Tue, July 29, 2014. Last week I have been discussing a dozen inverse problems with a crows of school kids. We started with discussing simulations. Assume you try to simulate the weather, for example.
Today, we are able to simulate quite complex problems. For example, we know many physical laws of the atmosphere. It is basically a fluid, which flows over a rotating sphere. But there are, of course, many physical processes influencing this motion. There is radiation, coming from the sun, all the time. It is heating up the atmosphere, which is then rising and leads to particular patterns of atmospheric motion. We all know the deep and high pressure areas, which strongly determine our weather all the time. Please look at the infrared radiation coming from the atmosphere, which is reflecting the temperature distribution all over the globe, compare the image on the right-hand side.
Standard models work globally, with grid points every 15 kilometers, and with heights from the ground to about 70km height, with 90 grid poins distributed vertically, compare for example Wikipedia. Please keep in mind that this is changing about every 18 month! All over the world there are teams which push this forward all the time. Assume you have a model which can calculate the next step in time, when it is given the current state.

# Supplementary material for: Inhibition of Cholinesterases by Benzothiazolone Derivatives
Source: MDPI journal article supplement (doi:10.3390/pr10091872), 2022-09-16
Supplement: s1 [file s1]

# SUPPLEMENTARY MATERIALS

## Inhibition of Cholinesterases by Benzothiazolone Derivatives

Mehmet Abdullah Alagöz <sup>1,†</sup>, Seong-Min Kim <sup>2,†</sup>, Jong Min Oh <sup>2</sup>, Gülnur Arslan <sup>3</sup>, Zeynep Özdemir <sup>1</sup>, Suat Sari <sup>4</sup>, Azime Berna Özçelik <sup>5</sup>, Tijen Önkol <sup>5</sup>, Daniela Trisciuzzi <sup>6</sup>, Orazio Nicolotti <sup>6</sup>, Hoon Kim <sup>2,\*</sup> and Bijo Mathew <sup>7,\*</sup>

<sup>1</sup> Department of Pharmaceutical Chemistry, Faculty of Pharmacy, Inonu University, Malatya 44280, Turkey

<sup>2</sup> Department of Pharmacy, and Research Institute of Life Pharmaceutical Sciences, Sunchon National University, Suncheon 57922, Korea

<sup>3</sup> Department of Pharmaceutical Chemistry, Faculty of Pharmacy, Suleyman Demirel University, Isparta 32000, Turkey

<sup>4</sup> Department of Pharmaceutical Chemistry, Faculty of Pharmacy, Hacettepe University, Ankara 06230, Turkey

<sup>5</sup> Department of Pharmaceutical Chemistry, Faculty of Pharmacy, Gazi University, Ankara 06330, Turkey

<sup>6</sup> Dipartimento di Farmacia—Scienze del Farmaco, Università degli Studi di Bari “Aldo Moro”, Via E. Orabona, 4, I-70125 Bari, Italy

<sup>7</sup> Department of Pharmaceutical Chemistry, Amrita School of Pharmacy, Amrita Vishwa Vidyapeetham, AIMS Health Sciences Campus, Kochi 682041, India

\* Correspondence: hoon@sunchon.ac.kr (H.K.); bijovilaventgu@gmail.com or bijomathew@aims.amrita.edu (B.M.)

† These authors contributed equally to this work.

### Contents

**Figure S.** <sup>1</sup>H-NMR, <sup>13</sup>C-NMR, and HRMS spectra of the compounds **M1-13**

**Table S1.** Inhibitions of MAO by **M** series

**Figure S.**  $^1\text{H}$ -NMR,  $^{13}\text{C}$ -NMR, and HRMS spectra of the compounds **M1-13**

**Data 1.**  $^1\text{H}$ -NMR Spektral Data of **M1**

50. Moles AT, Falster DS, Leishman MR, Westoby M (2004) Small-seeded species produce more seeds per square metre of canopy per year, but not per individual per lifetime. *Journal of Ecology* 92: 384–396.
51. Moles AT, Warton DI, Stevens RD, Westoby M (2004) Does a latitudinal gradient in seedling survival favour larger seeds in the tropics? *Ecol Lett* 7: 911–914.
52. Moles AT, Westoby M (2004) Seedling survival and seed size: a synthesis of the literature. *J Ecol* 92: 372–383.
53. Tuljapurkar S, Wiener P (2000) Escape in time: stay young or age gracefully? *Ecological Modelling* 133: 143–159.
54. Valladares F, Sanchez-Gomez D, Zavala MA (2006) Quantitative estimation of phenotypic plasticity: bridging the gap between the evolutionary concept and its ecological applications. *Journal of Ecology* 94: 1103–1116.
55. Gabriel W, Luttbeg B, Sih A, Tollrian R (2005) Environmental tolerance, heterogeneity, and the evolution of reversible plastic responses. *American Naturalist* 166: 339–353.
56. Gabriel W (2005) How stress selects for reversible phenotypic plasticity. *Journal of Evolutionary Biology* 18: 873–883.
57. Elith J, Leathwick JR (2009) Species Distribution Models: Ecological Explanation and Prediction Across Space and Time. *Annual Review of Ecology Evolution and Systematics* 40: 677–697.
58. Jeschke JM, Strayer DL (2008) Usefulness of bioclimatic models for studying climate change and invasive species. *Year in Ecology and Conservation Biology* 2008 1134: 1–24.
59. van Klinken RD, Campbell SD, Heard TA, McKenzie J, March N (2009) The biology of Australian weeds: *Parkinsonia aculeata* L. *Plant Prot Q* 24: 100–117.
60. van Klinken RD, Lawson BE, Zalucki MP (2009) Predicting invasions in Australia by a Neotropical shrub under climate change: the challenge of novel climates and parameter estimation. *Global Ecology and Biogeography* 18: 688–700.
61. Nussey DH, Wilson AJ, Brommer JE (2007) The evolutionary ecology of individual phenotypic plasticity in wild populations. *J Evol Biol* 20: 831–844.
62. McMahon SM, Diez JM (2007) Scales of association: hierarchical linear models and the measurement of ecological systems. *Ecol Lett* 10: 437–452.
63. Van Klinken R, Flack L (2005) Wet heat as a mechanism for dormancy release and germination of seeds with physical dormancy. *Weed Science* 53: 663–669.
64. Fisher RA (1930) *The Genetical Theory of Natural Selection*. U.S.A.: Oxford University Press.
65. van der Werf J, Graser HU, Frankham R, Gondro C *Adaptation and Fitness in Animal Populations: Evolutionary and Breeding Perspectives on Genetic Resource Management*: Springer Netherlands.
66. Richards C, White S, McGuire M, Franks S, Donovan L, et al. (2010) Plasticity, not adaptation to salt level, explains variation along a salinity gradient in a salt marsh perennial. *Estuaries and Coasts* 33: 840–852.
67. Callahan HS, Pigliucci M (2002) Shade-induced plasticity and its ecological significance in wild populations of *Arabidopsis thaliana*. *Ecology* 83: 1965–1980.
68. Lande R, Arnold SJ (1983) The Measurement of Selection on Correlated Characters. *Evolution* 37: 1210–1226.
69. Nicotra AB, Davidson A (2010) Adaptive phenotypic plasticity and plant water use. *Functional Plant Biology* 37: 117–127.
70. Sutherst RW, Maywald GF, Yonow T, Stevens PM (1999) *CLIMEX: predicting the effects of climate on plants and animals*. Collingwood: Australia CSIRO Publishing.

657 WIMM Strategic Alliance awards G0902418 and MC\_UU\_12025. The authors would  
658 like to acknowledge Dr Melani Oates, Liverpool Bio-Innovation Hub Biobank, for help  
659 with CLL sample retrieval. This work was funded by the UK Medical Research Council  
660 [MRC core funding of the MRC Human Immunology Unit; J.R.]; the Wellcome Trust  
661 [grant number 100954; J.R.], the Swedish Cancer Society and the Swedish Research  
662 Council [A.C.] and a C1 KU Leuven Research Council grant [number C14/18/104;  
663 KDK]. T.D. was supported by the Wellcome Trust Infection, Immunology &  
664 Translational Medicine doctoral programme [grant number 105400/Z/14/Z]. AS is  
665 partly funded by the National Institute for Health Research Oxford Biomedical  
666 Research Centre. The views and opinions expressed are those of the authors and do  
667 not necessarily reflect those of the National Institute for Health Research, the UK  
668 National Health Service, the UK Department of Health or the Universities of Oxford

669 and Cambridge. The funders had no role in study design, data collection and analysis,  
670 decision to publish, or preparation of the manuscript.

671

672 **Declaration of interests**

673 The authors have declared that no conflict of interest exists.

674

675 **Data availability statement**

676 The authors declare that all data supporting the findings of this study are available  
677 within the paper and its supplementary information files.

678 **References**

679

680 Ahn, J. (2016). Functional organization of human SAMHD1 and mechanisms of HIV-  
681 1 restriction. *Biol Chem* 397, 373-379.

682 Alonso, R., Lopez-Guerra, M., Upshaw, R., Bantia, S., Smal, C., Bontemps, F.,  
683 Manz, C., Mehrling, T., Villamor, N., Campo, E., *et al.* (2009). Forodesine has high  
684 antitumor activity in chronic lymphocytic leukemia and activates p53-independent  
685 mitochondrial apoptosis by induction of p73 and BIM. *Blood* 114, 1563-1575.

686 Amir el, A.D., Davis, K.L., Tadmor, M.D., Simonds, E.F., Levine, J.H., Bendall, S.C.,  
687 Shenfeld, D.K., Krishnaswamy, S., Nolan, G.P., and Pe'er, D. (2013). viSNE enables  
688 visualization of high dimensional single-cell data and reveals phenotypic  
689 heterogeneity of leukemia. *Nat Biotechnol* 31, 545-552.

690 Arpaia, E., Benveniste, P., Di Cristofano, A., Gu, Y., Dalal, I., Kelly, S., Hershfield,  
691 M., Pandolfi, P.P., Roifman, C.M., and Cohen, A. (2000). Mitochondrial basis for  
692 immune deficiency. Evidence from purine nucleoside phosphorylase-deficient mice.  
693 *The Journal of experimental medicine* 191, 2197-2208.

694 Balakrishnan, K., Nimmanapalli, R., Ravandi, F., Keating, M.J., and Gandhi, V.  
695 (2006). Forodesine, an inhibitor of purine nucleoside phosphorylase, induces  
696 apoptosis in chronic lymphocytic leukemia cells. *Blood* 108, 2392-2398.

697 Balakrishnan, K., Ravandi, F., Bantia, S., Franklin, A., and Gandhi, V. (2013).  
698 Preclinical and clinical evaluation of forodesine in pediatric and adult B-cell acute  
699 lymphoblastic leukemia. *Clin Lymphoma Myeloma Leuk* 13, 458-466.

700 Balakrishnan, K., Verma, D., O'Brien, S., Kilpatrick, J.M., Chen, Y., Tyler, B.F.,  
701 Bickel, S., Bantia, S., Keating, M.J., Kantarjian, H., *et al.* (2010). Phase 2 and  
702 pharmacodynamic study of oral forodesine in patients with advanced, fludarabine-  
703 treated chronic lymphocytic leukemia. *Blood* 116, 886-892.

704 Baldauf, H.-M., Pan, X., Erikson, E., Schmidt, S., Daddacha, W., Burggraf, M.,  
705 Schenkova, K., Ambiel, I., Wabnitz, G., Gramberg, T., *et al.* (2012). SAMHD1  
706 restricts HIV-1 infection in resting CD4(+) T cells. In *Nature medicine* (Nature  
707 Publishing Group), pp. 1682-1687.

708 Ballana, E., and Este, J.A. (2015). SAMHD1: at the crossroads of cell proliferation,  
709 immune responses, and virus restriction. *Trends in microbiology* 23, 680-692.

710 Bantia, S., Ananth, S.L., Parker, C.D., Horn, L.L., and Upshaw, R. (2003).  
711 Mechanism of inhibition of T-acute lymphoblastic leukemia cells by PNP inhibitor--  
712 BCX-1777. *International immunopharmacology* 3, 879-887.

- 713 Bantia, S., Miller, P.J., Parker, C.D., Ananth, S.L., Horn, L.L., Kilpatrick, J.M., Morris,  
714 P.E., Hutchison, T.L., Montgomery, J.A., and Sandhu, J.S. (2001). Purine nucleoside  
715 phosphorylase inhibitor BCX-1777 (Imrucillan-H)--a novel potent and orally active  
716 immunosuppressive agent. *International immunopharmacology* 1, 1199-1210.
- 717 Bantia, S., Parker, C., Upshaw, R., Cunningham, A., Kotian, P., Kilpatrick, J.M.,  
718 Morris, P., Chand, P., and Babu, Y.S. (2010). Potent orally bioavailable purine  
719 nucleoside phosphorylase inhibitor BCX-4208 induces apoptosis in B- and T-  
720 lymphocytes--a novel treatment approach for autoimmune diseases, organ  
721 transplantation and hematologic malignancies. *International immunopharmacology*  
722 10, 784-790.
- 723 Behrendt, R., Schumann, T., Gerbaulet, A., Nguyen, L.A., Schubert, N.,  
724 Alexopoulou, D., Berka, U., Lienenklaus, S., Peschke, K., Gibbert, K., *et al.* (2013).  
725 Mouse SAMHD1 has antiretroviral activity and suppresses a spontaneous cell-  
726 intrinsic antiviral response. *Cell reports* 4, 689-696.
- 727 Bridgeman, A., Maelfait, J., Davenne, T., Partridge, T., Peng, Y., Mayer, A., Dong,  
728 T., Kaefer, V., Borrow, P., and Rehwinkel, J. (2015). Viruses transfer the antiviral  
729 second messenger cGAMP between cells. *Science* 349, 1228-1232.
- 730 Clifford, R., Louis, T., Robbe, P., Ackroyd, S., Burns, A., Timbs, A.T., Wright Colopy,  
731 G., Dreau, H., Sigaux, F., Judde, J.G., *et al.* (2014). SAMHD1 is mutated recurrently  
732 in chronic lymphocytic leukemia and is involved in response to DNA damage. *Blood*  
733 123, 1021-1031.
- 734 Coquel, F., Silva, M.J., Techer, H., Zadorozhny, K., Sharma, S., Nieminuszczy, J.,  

You need to provide the state of the atmosphere with 90 grid points vertically and 15km spacing horizontally. The earth has a radius of about R = 6371km, c.f. http://en.wikipedia.org/wiki/Earth_radius. The earth surface A is calculated by $$ A = 4 \pi R^2 $$ which with $R = 6371km$ is approximately $$ A = 5.1 * 10^8 km^2, $$ compare for example Earth Surface. You will have approximately one point every $d = 1/(15km*15km) = 1/225 km^2$, i.e. $$ n = 90 * A * d = 2 * 10^8 points. $$
The task of data assimilation is to determine the state of the atmosphere at $n$ points globally every few hours. Today, this period for global weather models is usually 3 hours. But we are moving down, we might soon go to one hour “assimilation cycle”, which means that we determine the state of the atmosphere globally for each hour using a broad range of measurements which are available today.
If you want to know more about how the state of the atmosphere is calculated every three hours, then either look into current books on NWP = Numerical Weather Prediction, or come back this blog on a regular basis. Also, we will talk about various inverse problems, i.e. the reconstruction of physical quantities from measurements. It is a highly fascinating area, which touches many parts of science.
All the best,
Roland Potthast, University of Reading and DWD (German Meteorological Service) firstname.lastname@example.org